Grouse shooting industry’s histrionics over proposed estate licensing

Following on from Saturday’s news that the SNP’s National Council has voted to adopt an official policy of grouse moor licensing (see here), the grouse shooting industry has responded with a fine display of histrionics.

A quick look on social media shows the usual buffoons shrieking about potential job losses and how everyone should get together for a march/demonstration, which would probably result in about four quad bikes being parked on the new Queensferry Bridge for an hour or so.

BASC has issued a press statement claiming the SNP’s new policy would “harm rural Scotland“, The Sunday Times ran with an article yesterday with the headline, ‘SNP votes to curb fox hunting and grouse shooting‘, and an article in today’s Daily Mail headlined with ‘War on the Countryside‘. They’re good at amateur dramatics, this lot.

There’s also a comment piece in the Mail by Lord David Johnstone, Chairman of Scottish Land & Estates, who argues (as he has before) that there is no need for estate licensing and everything would be just fine if only we’d all work with the shooting industry because, he says, “this does deliver results“. No, Dave, it doesn’t deliver results, unless you consider the never-ending news of poisoned, shot, trapped & bludegeoned raptors a ‘result’.

What we’re really struggling to understand is why the grouse shooting industry is so certain that estate licensing would result in the loss of jobs. Why would it? Unless this is a tacit admission that the grouse shooting industry does in fact rely on the illegal killing of birds of prey in order for shooting estates to remain viable and so the loss of a shooting licence (and possible subsequent closure of an estate) would be inevitable?

If driven grouse shooting is lawful and sustainable, as the industry so often claims, what on earth is there to worry about? There’d be no loss of licences for lawful or sustainable practices, so why is this industry so fearful of the scrutiny and regulation that the rest of us accept as part of our daily lives? Not got something to hide, surely?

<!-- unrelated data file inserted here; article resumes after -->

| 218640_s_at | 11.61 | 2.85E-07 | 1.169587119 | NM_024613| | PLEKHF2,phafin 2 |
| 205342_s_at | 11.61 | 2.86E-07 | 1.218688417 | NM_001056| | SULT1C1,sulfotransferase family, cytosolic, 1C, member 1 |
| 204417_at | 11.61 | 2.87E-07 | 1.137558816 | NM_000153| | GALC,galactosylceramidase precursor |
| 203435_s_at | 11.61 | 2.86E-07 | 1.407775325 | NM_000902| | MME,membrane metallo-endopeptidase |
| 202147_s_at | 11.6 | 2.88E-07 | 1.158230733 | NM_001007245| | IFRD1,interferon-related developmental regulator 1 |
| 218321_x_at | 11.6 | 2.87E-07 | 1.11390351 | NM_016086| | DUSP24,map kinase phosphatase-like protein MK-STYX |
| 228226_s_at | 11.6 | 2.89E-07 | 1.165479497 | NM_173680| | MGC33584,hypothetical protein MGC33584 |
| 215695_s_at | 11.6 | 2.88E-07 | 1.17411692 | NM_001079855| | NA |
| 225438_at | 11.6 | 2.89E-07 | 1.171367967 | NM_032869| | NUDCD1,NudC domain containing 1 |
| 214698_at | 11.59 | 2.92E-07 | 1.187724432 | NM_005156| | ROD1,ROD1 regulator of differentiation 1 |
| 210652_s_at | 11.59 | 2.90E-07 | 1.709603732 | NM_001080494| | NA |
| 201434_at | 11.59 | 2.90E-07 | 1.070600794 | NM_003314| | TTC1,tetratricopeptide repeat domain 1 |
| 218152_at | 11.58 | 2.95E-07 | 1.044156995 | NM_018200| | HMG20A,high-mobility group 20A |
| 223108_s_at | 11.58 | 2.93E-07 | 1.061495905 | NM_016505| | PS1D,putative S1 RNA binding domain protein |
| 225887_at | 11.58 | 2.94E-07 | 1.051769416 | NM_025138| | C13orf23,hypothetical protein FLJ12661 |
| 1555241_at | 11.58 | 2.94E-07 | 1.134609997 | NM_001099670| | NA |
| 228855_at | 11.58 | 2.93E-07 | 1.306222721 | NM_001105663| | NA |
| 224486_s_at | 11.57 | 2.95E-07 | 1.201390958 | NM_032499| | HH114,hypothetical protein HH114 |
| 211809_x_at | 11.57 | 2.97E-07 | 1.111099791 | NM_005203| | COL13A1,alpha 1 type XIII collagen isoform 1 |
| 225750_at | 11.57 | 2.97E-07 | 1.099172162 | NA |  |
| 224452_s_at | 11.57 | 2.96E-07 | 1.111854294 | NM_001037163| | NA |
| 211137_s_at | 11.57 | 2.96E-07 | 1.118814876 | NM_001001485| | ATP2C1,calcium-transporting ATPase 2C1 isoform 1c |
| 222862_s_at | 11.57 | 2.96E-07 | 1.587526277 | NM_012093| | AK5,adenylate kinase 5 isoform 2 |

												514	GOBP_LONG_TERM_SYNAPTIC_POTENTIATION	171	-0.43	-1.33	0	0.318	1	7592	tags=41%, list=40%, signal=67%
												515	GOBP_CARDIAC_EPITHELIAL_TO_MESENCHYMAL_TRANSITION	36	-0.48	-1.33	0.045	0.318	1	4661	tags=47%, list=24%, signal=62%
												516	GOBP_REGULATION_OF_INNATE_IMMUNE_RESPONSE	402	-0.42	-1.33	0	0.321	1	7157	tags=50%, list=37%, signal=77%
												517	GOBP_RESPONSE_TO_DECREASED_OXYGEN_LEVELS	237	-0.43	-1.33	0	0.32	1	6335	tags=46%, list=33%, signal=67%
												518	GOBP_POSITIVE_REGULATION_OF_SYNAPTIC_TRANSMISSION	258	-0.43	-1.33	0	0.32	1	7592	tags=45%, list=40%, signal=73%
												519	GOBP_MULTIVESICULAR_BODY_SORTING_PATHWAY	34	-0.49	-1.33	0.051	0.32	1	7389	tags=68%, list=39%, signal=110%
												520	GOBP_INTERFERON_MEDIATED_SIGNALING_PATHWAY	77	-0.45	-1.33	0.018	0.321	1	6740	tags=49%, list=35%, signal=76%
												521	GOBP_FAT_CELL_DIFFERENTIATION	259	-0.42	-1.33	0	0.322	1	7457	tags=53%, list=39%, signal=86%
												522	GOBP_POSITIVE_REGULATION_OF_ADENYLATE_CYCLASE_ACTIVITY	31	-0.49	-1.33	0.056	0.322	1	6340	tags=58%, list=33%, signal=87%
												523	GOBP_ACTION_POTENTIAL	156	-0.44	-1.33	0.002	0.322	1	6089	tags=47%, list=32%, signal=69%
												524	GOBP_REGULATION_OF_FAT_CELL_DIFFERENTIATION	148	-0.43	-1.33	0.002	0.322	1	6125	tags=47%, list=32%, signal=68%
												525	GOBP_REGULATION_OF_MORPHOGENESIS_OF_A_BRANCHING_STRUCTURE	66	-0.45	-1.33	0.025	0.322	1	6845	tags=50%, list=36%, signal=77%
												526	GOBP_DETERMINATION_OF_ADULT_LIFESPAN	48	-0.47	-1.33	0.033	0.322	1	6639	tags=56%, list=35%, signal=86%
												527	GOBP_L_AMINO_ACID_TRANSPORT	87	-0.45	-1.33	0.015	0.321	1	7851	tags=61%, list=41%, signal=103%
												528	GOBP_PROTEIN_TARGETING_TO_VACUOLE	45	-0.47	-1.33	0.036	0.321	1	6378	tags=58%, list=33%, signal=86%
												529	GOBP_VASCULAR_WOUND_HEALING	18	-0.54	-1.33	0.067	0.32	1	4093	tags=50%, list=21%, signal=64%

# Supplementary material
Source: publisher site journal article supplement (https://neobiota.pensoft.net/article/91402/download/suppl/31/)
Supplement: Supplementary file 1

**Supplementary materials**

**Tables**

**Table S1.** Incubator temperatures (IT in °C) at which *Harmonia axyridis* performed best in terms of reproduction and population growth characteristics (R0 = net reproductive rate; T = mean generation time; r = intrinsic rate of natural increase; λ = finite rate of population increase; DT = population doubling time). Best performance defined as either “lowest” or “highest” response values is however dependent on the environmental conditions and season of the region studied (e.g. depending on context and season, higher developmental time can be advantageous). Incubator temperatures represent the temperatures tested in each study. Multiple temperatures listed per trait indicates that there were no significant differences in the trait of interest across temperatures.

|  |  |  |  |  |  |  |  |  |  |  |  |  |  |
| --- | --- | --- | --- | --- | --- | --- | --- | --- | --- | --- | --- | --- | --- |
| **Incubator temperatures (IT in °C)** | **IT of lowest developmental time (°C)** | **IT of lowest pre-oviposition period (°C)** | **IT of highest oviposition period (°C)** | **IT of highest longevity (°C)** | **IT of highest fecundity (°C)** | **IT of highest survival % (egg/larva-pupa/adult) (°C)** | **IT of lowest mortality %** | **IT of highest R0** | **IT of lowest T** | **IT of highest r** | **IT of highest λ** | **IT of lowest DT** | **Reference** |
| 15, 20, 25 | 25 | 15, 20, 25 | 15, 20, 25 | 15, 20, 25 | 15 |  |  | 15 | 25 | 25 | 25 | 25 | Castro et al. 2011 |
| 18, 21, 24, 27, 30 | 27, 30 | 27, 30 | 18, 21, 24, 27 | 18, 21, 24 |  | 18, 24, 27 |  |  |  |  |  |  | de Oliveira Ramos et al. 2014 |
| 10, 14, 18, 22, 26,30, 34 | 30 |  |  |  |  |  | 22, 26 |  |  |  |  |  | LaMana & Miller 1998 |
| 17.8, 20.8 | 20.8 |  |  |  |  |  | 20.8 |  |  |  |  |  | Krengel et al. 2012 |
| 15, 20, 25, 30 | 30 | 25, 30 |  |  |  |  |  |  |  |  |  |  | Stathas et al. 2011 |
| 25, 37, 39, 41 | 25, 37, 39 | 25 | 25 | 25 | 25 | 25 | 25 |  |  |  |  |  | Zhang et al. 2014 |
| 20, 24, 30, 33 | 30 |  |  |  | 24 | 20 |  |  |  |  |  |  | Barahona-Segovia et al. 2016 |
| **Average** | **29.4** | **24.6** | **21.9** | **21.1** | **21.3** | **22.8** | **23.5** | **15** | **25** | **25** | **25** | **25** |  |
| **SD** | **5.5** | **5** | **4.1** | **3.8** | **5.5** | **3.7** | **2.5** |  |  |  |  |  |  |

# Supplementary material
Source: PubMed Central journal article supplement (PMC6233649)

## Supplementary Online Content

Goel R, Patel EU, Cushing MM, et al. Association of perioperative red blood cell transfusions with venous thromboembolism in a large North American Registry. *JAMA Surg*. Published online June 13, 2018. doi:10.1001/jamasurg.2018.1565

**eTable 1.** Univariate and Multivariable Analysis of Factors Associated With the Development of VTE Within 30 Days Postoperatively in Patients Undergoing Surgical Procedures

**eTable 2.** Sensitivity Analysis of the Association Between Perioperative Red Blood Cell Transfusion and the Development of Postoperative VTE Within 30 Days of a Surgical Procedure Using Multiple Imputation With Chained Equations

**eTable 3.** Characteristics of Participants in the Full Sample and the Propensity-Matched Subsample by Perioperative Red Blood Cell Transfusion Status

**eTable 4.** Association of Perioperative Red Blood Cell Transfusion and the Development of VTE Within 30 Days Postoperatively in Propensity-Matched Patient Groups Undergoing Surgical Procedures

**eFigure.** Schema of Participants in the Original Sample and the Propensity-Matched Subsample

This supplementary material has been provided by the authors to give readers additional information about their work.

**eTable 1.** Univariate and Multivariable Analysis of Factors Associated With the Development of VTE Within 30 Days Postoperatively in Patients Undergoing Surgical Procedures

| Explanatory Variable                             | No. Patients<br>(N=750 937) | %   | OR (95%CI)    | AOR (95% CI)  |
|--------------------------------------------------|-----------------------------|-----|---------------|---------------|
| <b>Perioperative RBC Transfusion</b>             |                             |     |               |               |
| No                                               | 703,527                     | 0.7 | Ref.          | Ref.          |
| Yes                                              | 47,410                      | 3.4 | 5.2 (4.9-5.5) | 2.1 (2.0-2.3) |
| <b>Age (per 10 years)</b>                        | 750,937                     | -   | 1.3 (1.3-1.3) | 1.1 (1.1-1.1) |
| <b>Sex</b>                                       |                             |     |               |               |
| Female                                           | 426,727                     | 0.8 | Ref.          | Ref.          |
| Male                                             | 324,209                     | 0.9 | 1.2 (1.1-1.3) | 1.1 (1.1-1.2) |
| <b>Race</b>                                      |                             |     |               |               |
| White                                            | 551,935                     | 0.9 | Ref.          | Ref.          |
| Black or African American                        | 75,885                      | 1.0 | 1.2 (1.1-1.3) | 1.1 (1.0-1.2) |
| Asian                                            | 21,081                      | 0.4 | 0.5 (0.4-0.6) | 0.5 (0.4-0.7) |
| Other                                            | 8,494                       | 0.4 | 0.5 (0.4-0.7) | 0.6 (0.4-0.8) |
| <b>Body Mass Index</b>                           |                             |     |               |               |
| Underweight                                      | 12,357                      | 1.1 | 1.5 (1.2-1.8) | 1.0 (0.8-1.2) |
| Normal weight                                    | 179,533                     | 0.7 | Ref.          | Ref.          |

There are the usual claims that ‘activists’ will ‘set-up’ estates by planting poisoned or shot raptors on grouse moors in an attempt to implicate the landowner and/or gamekeepers. Lord Johnstone used this excuse way back in 2012 when objecting to the introduction of vicarious liability for raptor persecution offences (see here). Five years on, we’re not aware of a single case where this has been shown to have happened, but we’ve seen plenty of cases where gamekeepers have been caught committing criminal offences as part of their daily routine.

The grouse shooting industry needs to face facts. Estate licensing is on its way and the industry only has itself to blame. It’s been given hundreds of chances to reform, and has received repeated warnings from the Scottish Government that further action would be taken if the industry didn’t clean up its act.

And if/when estate licensing is shown not to work, the grouse shooting industry should know what to expect next.

47 Responses to “Grouse shooting industry’s histrionics over proposed estate licensing”

  1. 1 Ron99
    December 4, 2017 at 5:14 pm

    The ex-Gamekeeper who’s well known on social media, is urging people to go to charity run wildlife reserves (RSPB in other words), make a film and tell the world there isn’t any wildlife there because they aren’t on keepered ground. What that is supposed to achieve is anyone’s guess. It’s all a bit ‘my dad’s bigger than your dad’. Desperation.

    • 2 Merlin
      December 5, 2017 at 6:14 pm

      it makes you wonder how the BBC manage to film Springwatch on RSPB reserves and why so many of us keep going back to these reserves to watch the wildlife

    • 3 Marco McGinty
      December 9, 2017 at 6:48 pm

      It’s a tired old argument, nonsensical in the extreme, and would be easily demolished.

      I’ve asked many if these shooting types to post a list of species found on grouse moors, and I would counter it by providing a list from my nearest RSPB reserve, or my local patch, but to date, not one shooter/hunter or gamekeepers has taken up my challenge.

      I wonder why?

  2. 4 Iain Gibson
    December 4, 2017 at 5:16 pm